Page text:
ISLAMABAD (Reuters) - Pakistani troops fired on two U.S. helicopters that intruded into Pakistani airspace on Sunday night, forcing them to turn back to Afghanistan, a senior Pakistani security official said on Monday.
It was the second such incident in a week, and reflects frayed relations with the United States over Pakistan’s failure to act more forcibly against Islamist fighters in the tribal lands bordering Afghanistan.
The number of missile attacks by U.S. drone aircraft in the remote tribal areas has multiplied in recent weeks.
The helicopters violated the border in the area of Lowara Mandi, 40 km (25 miles) west of Miranshah, the main town in the North Waziristan tribal region, at around 9 p.m. on Sunday, the official said, speaking on condition of anonymity because of the sensitivity of the subject.
There was no official confirmation.
“We don’t have any information on border violation by the American helicopters,” Major Murad Khan, a military spokesman, said.
Residents said drones had been flying overnight and early on Monday over Miranshah but did not attack.
“It’s really so scary, we just can’t sleep when you hear them flying,” said Zia-ur-Rehman, a resident of Hamzoni village near Miranshah.
Relations became strained between the allies in the war on terrorism after U.S. commandos raided a border village in South Waziristan and killed 20 people, including women and children, on September 3.
Pakistanis were outraged by the raid and the six-month-old civilian government issued a diplomatic protest.
It was the first overt incursion by U.S. ground troops into Pakistani territory, though the U.S. military has conducted numerous missile strikes against al Qaeda and Taliban targets in Pakistan’s tribal lands.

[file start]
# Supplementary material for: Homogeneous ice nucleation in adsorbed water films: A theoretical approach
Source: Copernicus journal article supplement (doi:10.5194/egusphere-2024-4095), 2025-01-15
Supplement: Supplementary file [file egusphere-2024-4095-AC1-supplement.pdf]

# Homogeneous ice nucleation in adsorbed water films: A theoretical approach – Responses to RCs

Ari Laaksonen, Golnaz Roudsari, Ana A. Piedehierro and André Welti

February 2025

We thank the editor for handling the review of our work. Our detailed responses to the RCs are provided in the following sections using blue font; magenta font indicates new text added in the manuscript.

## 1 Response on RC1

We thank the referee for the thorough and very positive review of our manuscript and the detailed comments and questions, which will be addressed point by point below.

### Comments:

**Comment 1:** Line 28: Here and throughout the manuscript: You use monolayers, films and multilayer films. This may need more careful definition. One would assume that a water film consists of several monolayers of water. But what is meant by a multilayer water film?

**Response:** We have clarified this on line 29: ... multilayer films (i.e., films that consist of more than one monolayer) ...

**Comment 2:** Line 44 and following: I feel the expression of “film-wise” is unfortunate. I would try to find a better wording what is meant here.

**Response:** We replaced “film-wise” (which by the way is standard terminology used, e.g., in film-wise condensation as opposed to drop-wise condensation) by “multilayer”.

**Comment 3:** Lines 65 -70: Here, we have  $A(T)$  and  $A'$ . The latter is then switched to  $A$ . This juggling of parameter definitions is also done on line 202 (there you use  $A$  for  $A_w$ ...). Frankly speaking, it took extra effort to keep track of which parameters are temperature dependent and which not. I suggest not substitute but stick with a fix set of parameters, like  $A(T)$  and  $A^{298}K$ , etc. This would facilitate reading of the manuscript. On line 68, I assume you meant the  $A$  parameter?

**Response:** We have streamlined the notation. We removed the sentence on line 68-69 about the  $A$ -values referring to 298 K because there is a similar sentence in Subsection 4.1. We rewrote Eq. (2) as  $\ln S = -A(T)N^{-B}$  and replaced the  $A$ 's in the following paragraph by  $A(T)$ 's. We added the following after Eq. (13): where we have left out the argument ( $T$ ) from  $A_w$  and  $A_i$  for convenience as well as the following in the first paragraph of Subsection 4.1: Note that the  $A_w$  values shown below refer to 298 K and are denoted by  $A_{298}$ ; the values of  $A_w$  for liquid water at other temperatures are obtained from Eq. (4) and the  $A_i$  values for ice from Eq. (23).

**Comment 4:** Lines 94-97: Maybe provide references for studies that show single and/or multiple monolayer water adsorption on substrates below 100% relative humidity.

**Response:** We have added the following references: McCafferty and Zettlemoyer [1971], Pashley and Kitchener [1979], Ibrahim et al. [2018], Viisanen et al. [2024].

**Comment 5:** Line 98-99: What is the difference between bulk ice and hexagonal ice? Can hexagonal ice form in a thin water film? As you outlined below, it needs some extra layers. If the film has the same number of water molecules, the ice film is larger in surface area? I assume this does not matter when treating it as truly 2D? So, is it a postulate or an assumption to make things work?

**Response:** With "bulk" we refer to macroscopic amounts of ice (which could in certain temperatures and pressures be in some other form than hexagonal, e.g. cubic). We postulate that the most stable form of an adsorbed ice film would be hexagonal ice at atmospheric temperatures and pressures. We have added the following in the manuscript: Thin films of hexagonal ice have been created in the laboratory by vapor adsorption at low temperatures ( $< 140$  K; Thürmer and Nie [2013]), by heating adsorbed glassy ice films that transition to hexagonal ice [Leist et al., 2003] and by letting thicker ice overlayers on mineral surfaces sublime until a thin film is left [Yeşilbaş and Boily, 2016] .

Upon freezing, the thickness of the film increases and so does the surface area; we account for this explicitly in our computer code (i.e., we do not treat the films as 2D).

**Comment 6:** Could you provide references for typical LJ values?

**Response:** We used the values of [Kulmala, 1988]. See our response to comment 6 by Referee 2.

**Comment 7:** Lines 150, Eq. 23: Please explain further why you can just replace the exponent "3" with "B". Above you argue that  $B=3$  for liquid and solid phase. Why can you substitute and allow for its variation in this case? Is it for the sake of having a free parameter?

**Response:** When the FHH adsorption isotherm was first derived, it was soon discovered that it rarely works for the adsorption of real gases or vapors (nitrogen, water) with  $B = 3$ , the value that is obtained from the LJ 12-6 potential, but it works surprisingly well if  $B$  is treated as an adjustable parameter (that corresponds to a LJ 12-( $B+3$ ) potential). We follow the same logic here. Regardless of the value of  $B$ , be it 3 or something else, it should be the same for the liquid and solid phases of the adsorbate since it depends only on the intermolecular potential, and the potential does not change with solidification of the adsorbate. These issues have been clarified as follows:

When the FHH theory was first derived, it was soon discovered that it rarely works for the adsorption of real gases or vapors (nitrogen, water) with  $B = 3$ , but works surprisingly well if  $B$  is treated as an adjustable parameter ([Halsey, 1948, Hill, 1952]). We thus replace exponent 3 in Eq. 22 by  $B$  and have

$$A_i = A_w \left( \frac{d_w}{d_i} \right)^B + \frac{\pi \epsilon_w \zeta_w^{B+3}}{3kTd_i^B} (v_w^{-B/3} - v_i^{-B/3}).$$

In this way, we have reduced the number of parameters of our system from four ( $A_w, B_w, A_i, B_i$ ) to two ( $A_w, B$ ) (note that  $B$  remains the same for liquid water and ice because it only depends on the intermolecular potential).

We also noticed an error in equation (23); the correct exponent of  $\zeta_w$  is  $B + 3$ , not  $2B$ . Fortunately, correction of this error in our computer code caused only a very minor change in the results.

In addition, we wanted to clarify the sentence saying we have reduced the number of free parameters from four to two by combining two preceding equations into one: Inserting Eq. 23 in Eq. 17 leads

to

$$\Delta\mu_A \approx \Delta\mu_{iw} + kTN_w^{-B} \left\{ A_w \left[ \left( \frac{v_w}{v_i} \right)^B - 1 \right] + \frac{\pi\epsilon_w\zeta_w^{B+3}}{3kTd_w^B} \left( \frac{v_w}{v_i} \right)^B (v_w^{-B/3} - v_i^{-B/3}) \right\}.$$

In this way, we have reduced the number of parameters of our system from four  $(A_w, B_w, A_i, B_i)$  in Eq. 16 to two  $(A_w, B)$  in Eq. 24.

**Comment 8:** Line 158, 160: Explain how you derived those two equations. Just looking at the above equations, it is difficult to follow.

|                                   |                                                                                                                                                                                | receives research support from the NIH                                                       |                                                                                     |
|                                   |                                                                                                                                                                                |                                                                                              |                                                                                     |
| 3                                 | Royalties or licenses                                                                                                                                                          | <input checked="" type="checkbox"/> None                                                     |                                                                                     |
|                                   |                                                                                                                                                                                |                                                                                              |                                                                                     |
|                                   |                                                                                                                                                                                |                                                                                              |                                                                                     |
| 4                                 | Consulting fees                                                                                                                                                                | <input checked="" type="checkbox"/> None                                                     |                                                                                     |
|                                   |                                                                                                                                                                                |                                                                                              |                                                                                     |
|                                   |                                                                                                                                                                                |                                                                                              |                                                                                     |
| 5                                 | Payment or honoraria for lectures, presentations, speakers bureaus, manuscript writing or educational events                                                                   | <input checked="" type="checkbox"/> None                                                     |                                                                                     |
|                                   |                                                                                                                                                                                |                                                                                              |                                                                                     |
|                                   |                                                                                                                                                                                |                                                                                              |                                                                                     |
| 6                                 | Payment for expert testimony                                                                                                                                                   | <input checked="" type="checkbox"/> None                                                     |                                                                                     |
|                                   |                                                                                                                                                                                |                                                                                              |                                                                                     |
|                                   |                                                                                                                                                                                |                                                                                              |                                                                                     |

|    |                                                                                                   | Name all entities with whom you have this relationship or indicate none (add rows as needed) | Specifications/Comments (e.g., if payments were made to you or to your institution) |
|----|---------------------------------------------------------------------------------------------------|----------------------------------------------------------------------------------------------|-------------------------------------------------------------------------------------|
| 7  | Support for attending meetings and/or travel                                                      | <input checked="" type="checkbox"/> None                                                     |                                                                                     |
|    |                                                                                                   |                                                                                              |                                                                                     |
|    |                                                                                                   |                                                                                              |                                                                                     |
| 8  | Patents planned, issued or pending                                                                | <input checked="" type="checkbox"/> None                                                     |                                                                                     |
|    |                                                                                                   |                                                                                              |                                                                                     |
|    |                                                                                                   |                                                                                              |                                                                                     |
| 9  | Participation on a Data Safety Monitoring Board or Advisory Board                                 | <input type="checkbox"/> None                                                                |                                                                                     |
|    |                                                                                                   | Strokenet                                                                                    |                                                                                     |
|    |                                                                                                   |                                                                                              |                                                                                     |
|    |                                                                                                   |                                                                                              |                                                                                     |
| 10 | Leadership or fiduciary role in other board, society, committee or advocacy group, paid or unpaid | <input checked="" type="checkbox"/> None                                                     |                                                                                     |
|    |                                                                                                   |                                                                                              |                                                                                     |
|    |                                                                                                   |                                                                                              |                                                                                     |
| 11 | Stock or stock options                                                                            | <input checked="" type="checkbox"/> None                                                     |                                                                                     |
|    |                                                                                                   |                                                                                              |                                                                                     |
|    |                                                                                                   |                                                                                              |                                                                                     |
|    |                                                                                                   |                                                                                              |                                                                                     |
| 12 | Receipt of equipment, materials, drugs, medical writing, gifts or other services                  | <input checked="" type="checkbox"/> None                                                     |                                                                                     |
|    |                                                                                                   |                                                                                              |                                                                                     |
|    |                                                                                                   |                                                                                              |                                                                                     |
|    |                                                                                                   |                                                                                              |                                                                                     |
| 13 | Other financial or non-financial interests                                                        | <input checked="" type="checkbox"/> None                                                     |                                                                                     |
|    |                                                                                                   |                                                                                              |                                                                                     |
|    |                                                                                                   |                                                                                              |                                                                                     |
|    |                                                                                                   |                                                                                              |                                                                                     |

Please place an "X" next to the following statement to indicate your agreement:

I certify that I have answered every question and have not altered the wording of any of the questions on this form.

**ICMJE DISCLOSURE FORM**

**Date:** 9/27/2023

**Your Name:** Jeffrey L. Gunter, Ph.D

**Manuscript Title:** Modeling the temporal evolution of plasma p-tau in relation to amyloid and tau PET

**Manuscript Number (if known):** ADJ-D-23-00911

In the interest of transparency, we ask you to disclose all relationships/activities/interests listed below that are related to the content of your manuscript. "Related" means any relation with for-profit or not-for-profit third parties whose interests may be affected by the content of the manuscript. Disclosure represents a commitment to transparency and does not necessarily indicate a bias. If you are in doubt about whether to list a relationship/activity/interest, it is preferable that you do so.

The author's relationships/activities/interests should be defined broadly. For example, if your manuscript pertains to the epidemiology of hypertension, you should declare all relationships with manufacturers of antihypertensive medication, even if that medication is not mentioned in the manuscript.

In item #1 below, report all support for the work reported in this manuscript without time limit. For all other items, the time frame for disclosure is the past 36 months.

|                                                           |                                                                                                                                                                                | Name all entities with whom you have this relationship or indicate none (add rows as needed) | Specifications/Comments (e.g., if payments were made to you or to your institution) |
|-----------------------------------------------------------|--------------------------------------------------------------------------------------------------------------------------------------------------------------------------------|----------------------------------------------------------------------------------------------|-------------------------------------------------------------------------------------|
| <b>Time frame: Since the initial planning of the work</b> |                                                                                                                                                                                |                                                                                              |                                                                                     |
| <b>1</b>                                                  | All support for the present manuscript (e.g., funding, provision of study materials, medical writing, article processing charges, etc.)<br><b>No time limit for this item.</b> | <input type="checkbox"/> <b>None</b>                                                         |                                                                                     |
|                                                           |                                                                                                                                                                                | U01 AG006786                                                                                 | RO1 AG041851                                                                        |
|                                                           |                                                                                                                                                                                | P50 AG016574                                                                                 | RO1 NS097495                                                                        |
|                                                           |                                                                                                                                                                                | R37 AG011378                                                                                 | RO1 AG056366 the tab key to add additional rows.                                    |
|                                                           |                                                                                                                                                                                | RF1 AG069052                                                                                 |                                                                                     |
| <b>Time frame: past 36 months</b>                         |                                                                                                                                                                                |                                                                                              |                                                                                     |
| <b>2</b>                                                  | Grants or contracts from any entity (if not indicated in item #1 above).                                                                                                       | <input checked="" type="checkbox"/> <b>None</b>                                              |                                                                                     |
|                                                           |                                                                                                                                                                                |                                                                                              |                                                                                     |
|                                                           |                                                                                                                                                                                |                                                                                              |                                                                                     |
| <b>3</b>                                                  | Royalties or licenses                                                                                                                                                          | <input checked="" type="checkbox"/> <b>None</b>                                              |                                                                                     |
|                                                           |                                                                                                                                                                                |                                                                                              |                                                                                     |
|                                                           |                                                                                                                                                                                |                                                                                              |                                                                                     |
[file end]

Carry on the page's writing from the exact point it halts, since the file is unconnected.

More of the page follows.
The U.S. action prompted army chief General Ashfaq Kayani to issue a statement saying that foreign troops would not be allowed on Pakistani soil and Pakistan’s sovereignty and territorial integrity would be defended at all costs.
Pakistani troops fired on two U.S. helicopters that crossed the border at the same village, Angor Adda, a week ago, again forcing them to turn back, according to residents and security officers.
Pakistan and the United States issued denials.
Pakistani President Asif Ali Zardari is scheduled to meet President George W. Bush on Tuesday in the United States, and is also due to attend the U.N. General Assembly.
Pakistan’s support is regarded as crucial to the success of Western forces trying to stabilize Afghanistan, and in the fight against al Qaeda.
Admiral Mike Mullen, the chairman of the joint chiefs of staff, held talks in Islamabad with top Pakistani officials last week. Mullen “reiterated the U.S. commitment to respect Pakistan’s sovereignty”, the U.S. embassy said in a statement.
The United States is Pakistan’s largest donor, and the dissonance between them has been a factor pushing down Pakistani shares and the rupee because Pakistan needs an inflow of dollars to rebuild rapidly depleting foreign currency reserves to prop up its ailing economy.
Writing by Simon Cameron-Moore; Editing by David Fogarty